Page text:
Kids can most certainly change the world, but in modern times we’ve lost a part of what it once meant to dream, where kids are taught to grow up, get an education,go to college, get a safe job and settle down with a family then retire.
However there is a change going on, as perfectly illustrated by these four, very young, individuals. They were asked by 2013 TED Prize winner Sugata Mitra, what they thought the future of learning was. Here are the answers from four of the brightest and most ambitious kids around today.
Adora Svitak, 15-year-old writer, teacher and activist
“One of the most powerful shifts in the future of education will come from not only the tools at our disposal, but from an underutilized resource: the students whose voices have for too long been silent. We’re pushing for seats at the decision-making tables, empowering ourselves by shaping our own learning, and taking on activist roles both online and off. To me, this signals one of the most hopeful signs of the future of education — the shift from a top-down, learning-everything-from-the-authority-figure approach to an approach characterized by peer-to-peer learning, empowerment and grassroots change.”
Kid President, 10-year-old inspiration machine
“My older brother and I believe kids and grown ups can change the world. We’re on a mission with our web series, Kid President, to do just that. If every classroom in the world could be full of grownups and kids working together, we’d live in a happier world. Kids want to know about the world and about how they can make an impact. Kids also have ideas. It’d be awesome if teachers and students could work together and put these ideas into action. There should be lessons in things like compassion and creativity. If those two things were taught more in schools we’d see some really cool things happen.”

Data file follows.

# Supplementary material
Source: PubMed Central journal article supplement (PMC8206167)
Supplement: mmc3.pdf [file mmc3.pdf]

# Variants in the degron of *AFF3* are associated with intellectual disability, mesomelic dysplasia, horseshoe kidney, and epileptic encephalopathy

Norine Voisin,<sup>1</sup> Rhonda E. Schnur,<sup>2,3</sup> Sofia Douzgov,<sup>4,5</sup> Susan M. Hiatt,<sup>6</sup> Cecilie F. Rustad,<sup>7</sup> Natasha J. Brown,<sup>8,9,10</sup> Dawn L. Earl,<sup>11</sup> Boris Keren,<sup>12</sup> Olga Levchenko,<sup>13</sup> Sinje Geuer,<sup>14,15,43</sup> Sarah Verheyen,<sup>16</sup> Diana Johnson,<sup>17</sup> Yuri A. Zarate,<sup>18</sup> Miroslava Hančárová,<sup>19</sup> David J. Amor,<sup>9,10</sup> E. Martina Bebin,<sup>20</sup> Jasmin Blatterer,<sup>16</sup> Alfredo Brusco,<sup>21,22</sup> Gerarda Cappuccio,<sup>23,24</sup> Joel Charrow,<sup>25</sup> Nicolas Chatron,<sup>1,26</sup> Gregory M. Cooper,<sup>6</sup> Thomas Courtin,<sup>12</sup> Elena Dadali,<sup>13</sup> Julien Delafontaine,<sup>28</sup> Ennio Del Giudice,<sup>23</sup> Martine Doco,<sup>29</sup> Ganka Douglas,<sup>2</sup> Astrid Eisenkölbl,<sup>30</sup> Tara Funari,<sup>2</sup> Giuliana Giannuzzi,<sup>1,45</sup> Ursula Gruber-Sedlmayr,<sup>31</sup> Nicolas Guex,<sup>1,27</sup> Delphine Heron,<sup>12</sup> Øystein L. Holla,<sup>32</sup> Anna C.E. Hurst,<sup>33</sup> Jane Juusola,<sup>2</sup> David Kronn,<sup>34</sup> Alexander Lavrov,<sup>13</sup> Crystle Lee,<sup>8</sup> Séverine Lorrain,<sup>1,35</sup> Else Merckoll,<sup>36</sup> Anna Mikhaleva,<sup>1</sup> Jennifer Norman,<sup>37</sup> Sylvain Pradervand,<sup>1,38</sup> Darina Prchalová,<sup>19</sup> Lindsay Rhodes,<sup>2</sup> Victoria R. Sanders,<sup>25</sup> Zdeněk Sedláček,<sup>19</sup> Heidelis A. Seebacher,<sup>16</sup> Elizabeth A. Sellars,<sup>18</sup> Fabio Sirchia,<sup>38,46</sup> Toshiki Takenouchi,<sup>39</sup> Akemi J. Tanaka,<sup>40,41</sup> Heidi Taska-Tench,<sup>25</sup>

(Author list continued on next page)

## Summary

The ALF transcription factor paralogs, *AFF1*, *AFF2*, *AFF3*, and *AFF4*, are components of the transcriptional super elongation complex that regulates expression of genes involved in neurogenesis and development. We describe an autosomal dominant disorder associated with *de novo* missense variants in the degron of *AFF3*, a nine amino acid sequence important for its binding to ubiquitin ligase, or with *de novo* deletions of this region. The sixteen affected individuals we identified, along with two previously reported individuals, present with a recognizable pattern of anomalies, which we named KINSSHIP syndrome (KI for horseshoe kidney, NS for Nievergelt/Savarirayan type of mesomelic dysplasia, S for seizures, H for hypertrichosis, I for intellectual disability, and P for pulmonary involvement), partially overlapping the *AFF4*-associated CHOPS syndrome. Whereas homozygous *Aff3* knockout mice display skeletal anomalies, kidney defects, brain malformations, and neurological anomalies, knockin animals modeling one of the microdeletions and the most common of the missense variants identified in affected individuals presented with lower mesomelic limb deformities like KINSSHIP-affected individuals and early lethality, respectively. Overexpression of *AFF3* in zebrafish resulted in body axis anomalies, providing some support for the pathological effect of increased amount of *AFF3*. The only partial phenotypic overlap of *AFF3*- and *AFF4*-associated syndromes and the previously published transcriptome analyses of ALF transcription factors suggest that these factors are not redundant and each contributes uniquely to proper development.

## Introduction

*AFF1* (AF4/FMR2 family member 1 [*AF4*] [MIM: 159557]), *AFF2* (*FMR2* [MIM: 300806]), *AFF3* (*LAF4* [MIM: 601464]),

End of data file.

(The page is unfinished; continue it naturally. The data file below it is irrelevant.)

Ying Ying Shang, 16-year-old blogger, teen advisor to the UN Foundation, and SPARK Movement activist
“For most of my life, the media has been a constant presence, whether it’s in the form of a TV droning in the background or the billboards that whiz by on the highway or the never-ending barrage of sounds and images on social media. That’s why I know the importance of learning media literacy early. It’s so important that the power of the media be recognized, both in its capacity for sexualization and distortion of reality, as well as its capacity to be harnessed for good.
Also, it seems inevitable that future educators will turn to online learning tools, replacing blackboards with smartboards and note packets with YouTube videos. In the wake of this shift, analysis and critical thinking skills should be taught more than ever in classrooms.”
Thomas Suarez,13-year-old app developer and founder of Carrot Corp, Inc.
“The future of education should include programming as a major subject. The class will allow students to collaborate on code, teach each other, and communicate outside of the classroom using services such as Google+. This way, students will think more during other classes, be much more likely to get a job and, most important, have fun.”
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